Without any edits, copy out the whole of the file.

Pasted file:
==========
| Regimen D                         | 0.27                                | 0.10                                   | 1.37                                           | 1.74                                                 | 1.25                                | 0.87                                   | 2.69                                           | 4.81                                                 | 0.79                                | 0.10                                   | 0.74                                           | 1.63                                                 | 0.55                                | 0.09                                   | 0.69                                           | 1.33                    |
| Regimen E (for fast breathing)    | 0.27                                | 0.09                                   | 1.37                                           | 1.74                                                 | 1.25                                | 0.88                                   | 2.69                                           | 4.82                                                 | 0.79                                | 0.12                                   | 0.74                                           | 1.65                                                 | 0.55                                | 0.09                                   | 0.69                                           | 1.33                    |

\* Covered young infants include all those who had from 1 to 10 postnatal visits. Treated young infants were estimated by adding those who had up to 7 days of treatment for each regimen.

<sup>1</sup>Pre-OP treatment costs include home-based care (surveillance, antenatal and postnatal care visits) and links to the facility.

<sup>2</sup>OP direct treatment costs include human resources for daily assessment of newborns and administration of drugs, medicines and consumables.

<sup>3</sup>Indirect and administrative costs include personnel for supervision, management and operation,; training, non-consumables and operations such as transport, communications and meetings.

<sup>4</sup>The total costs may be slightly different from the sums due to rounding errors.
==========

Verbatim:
| Regimen D                         | 0.27                                | 0.10                                   | 1.37                                           | 1.74                                                 | 1.25                                | 0.87                                   | 2.69                                           | 4.81                                                 | 0.79                                | 0.10                                   | 0.74                                           | 1.63                                                 | 0.55                                | 0.09                                   | 0.69                                           | 1.33                    |
| Regimen E (for fast breathing)    | 0.27                                | 0.09                                   | 1.37                                           | 1.74                                                 | 1.25                                | 0.88                                   | 2.69                                           | 4.82                                                 | 0.79                                | 0.12                                   | 0.74                                           | 1.65                                                 | 0.55                                | 0.09                                   | 0.69                                           | 1.33                    |

\* Covered young infants include all those who had from 1 to 10 postnatal visits. Treated young infants were estimated by adding those who had up to 7 days of treatment for each regimen.

<sup>1</sup>Pre-OP treatment costs include home-based care (surveillance, antenatal and postnatal care visits) and links to the facility.

<sup>2</sup>OP direct treatment costs include human resources for daily assessment of newborns and administration of drugs, medicines and consumables.

<sup>3</sup>Indirect and administrative costs include personnel for supervision, management and operation,; training, non-consumables and operations such as transport, communications and meetings.

<sup>4</sup>The total costs may be slightly different from the sums due to rounding errors.